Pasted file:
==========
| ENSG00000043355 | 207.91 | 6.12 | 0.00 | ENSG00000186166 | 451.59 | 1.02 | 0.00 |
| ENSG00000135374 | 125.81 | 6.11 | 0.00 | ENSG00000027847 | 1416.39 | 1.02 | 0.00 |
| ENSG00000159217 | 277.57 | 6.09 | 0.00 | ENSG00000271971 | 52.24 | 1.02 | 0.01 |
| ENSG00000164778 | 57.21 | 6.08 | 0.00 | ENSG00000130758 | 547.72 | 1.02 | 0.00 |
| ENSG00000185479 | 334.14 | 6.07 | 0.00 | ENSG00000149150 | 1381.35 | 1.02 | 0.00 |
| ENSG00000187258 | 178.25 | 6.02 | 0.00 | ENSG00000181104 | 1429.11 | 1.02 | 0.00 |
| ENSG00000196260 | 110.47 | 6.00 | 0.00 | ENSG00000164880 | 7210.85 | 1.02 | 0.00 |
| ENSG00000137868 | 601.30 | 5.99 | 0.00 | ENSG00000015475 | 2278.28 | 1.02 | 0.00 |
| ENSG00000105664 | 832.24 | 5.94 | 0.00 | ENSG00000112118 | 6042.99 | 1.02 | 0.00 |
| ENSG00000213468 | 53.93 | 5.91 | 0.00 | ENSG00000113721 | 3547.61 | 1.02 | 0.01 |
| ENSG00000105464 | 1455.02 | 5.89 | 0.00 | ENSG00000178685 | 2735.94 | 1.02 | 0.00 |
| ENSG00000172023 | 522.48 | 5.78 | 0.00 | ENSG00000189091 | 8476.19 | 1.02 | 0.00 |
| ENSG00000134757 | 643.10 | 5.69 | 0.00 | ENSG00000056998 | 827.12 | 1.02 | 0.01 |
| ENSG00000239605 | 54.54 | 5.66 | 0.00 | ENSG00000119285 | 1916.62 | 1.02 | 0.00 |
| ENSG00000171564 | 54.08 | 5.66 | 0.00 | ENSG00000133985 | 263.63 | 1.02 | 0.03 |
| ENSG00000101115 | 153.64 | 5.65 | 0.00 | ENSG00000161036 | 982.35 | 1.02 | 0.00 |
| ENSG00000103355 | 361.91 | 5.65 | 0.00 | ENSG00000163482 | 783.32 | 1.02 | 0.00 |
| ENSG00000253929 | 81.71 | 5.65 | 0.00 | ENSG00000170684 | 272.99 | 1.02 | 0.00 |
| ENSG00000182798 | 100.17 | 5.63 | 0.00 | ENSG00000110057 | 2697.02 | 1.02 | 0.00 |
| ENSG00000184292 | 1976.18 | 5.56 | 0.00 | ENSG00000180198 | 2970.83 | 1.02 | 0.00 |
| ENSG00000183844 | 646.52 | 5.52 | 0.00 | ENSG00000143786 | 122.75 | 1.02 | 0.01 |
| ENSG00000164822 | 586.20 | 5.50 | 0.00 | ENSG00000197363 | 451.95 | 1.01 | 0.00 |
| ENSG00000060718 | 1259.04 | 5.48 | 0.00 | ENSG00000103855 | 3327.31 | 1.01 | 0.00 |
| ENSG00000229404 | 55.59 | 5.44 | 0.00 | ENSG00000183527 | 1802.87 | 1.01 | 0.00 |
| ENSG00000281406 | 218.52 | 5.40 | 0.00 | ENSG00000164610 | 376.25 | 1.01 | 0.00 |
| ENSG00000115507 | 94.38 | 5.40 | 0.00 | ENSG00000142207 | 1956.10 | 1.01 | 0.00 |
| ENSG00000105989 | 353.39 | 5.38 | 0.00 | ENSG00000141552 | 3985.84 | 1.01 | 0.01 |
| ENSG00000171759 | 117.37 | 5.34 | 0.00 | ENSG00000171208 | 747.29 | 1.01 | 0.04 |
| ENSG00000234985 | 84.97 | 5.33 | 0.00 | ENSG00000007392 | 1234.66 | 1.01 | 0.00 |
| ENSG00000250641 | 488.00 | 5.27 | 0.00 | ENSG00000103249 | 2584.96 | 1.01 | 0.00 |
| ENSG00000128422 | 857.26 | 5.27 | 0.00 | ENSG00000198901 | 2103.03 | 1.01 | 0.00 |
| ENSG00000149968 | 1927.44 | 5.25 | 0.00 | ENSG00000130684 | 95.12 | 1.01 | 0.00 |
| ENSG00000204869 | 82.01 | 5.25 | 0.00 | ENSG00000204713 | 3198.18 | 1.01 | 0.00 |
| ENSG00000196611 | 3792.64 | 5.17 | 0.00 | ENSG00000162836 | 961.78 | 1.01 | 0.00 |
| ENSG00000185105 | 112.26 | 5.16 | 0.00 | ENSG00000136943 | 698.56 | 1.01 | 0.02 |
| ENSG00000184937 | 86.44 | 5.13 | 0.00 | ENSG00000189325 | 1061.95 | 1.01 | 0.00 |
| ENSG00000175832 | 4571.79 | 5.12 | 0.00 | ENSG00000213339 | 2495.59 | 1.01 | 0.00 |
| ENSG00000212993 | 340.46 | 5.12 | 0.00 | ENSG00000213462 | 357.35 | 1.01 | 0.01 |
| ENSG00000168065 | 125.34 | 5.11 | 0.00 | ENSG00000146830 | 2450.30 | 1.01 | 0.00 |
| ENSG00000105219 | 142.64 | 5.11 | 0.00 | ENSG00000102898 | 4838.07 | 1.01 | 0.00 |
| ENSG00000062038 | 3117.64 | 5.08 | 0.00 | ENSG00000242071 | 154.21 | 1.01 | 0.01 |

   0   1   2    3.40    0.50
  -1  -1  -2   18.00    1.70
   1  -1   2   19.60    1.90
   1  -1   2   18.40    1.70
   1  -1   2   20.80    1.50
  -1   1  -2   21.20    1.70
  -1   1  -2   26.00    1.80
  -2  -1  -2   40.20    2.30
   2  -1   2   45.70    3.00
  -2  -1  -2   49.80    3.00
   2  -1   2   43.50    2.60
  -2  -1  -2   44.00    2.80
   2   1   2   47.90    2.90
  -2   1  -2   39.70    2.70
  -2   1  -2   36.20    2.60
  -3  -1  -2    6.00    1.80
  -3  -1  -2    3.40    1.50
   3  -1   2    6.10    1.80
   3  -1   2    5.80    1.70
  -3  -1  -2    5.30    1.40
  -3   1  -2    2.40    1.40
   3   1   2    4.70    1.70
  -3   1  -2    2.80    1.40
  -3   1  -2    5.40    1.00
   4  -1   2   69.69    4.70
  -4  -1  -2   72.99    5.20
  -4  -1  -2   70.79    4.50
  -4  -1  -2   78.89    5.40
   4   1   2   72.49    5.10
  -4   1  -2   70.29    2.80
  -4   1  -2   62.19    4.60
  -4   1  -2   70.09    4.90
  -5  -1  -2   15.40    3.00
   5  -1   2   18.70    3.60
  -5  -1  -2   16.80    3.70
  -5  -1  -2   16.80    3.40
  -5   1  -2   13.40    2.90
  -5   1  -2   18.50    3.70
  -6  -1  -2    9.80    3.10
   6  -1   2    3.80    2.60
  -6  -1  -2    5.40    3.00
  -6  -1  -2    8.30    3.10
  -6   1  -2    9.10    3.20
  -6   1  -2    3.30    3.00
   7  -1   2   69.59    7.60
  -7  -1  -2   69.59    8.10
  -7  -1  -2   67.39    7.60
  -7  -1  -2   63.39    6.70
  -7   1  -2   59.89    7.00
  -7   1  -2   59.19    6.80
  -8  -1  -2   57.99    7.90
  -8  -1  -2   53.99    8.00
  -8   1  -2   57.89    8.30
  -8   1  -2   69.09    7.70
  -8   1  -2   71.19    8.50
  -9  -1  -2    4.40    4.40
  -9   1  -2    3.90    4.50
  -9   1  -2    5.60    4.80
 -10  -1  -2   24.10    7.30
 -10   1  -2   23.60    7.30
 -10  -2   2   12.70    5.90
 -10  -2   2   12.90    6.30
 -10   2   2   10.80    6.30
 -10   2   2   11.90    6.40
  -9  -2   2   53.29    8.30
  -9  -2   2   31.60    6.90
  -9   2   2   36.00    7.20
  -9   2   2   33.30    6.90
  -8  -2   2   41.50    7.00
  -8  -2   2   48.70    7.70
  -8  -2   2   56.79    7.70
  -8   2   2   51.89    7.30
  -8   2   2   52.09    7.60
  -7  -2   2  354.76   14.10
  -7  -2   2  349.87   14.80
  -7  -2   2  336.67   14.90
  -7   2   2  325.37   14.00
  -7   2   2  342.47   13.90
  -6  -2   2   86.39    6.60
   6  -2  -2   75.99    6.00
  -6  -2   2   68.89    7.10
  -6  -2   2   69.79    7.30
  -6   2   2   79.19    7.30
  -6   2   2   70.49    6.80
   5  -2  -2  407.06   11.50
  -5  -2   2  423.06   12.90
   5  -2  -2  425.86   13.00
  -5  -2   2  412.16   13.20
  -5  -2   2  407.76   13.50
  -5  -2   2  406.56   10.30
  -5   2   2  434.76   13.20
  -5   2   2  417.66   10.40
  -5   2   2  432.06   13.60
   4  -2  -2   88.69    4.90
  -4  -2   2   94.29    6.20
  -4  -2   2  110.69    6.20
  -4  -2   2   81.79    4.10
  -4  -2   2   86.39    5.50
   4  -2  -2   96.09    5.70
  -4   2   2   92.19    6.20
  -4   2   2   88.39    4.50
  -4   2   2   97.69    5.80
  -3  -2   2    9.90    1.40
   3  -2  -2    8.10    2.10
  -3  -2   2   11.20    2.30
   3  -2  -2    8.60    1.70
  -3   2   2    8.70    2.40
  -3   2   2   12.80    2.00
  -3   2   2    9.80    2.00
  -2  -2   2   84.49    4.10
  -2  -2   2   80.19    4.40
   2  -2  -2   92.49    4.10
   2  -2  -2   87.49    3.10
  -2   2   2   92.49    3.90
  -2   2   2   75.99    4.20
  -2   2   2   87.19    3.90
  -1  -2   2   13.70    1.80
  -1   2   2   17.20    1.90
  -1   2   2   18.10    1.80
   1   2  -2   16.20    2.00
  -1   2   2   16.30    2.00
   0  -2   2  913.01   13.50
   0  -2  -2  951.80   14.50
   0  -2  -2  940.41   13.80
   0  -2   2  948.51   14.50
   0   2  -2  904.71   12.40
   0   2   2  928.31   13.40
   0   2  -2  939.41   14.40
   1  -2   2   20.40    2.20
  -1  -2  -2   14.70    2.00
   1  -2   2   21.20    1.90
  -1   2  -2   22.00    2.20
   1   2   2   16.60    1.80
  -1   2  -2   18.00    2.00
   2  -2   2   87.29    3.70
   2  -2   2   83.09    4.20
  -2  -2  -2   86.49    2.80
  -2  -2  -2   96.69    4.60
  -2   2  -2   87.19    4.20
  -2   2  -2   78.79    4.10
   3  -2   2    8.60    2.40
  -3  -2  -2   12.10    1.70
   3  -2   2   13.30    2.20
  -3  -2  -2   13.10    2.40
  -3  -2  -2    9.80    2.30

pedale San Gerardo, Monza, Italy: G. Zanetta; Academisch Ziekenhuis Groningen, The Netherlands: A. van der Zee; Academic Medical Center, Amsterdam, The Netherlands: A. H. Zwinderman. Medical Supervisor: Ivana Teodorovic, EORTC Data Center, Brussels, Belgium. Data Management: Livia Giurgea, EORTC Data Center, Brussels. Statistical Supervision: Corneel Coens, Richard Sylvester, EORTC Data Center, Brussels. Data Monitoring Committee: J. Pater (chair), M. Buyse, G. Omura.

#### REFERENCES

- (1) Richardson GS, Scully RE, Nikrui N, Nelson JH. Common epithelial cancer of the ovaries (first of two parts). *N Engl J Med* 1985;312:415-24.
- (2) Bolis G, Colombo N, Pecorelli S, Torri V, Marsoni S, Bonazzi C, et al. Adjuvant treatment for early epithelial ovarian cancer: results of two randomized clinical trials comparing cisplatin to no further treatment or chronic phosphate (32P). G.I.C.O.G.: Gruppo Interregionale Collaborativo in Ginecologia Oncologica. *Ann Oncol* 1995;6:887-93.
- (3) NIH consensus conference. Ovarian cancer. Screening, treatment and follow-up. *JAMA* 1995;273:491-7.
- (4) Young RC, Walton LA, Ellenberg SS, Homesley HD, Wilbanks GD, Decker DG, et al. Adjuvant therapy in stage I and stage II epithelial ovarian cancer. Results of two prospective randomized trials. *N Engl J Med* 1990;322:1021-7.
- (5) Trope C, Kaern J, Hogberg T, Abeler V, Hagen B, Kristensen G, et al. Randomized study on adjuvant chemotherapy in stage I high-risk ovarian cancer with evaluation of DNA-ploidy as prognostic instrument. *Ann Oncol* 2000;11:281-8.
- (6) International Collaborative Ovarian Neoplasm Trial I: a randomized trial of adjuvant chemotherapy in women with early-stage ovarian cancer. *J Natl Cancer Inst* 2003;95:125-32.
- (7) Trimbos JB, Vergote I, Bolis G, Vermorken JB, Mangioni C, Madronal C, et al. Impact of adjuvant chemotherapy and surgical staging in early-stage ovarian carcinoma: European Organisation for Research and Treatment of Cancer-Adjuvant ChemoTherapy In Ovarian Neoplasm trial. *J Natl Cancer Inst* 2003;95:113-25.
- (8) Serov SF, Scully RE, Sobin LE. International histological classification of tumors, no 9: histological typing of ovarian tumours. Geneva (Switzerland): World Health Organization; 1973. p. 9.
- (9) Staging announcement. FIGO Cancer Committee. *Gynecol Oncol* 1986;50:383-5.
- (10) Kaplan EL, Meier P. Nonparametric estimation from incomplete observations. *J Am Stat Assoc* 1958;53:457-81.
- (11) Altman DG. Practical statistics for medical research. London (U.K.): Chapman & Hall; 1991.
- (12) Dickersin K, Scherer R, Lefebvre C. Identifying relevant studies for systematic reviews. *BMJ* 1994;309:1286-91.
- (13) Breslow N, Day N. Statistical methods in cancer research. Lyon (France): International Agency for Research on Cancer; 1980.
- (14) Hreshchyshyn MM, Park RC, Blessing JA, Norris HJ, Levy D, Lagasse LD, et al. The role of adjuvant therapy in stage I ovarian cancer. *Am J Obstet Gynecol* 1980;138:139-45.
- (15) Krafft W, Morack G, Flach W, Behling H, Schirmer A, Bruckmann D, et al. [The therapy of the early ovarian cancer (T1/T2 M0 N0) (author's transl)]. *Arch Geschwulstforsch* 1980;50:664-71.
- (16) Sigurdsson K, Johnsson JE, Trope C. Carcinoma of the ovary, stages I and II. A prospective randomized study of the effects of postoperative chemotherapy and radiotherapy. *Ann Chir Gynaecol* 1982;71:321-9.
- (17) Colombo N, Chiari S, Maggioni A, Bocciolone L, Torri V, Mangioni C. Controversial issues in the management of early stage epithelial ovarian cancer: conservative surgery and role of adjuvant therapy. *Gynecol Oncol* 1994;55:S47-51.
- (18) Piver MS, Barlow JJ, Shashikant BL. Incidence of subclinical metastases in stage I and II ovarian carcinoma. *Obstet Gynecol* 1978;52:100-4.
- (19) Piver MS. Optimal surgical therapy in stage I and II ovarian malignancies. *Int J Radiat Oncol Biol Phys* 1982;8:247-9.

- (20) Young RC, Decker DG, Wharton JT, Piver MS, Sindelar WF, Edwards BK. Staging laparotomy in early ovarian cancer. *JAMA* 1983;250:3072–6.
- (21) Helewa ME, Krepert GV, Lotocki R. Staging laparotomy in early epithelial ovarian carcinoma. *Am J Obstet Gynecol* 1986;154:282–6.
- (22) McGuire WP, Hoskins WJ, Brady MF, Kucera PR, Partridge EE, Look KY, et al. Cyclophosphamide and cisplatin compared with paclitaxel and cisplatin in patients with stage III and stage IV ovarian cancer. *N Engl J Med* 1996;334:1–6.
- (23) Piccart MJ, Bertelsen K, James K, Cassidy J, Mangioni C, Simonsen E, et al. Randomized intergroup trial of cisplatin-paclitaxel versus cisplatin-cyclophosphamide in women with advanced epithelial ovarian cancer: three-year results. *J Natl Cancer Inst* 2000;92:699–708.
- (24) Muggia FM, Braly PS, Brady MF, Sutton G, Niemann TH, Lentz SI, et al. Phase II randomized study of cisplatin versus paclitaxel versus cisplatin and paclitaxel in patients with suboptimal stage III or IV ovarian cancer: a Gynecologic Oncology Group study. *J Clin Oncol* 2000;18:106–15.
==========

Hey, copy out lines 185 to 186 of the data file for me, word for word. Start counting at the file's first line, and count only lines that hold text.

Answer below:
  -3  -2  -2   13.10    2.40
  -3  -2  -2    9.80    2.30